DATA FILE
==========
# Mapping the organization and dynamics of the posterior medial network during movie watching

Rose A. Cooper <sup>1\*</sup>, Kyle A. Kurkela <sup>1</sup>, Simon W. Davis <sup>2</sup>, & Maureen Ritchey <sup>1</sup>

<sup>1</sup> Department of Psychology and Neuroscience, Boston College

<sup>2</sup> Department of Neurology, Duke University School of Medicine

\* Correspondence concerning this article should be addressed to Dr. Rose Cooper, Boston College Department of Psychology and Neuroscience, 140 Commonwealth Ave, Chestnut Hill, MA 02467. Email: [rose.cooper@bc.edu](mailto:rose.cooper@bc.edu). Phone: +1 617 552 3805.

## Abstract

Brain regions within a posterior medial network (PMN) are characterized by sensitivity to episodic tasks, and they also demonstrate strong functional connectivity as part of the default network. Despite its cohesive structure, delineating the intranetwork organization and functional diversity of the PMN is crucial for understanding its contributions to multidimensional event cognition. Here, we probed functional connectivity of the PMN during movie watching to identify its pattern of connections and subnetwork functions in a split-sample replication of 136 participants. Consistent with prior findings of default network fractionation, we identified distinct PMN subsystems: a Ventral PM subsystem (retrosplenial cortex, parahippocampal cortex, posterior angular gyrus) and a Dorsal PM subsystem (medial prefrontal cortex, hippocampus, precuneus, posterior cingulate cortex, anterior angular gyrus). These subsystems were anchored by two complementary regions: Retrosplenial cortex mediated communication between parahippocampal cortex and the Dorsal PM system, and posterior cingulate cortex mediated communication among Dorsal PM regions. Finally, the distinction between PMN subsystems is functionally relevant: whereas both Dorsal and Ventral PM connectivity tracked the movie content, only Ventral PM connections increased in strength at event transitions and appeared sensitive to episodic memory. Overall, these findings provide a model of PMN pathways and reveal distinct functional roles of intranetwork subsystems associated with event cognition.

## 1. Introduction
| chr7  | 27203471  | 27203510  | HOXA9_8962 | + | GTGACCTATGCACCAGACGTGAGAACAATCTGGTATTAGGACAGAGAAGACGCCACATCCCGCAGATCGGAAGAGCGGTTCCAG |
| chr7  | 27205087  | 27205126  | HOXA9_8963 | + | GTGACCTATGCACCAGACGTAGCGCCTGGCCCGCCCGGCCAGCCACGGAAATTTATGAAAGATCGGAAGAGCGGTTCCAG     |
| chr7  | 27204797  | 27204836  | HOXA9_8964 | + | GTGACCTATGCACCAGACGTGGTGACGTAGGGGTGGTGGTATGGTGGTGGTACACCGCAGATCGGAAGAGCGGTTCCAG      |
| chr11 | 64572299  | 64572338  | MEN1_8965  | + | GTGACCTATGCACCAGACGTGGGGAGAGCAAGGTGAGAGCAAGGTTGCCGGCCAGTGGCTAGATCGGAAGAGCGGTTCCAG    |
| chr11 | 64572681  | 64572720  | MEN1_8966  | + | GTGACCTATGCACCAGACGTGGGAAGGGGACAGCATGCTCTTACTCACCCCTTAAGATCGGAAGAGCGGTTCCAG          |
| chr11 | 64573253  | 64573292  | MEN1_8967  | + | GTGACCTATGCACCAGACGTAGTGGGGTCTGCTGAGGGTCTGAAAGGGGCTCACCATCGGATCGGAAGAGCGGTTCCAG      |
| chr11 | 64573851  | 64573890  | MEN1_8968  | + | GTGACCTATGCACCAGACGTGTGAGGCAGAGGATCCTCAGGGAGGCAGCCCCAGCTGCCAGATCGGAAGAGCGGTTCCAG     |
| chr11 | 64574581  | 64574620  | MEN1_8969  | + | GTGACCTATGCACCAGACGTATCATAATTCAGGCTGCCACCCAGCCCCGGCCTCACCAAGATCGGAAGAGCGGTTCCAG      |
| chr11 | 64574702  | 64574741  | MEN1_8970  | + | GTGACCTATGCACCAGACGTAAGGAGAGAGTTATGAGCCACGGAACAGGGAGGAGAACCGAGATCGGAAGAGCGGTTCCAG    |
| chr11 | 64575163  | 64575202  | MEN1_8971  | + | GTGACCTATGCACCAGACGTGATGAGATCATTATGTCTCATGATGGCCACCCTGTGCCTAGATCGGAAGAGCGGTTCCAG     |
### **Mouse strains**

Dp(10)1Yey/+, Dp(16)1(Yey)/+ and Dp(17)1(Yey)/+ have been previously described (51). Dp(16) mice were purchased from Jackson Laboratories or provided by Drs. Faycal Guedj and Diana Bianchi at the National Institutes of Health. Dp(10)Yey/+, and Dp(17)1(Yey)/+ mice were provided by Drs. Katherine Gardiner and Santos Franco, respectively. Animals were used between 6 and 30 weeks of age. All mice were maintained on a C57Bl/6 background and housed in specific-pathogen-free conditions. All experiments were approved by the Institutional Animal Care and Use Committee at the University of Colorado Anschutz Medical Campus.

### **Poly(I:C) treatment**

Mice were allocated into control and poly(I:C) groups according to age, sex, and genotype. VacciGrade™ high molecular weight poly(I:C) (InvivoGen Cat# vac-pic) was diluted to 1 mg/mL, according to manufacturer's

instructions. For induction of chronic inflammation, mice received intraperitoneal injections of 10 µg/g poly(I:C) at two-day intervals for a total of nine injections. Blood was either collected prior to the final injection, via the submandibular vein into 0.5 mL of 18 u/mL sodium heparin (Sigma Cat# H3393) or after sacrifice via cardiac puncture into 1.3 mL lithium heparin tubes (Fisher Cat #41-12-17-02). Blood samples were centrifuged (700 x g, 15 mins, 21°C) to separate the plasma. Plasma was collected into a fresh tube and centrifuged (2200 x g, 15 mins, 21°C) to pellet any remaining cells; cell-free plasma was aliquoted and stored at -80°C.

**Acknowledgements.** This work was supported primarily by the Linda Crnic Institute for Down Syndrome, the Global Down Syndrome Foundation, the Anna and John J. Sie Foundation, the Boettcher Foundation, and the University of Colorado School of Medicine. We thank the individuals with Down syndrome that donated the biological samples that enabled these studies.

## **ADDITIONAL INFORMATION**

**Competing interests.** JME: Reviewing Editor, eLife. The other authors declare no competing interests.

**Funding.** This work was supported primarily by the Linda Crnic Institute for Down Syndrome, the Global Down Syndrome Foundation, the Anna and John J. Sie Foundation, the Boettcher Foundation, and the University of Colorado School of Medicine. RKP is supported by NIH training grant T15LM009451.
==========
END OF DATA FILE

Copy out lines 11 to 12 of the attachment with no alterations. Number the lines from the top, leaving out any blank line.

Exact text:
| chr7  | 27204797  | 27204836  | HOXA9_8964 | + | GTGACCTATGCACCAGACGTGGTGACGTAGGGGTGGTGGTATGGTGGTGGTACACCGCAGATCGGAAGAGCGGTTCCAG      |
| chr11 | 64572299  | 64572338  | MEN1_8965  | + | GTGACCTATGCACCAGACGTGGGGAGAGCAAGGTGAGAGCAAGGTTGCCGGCCAGTGGCTAGATCGGAAGAGCGGTTCCAG    |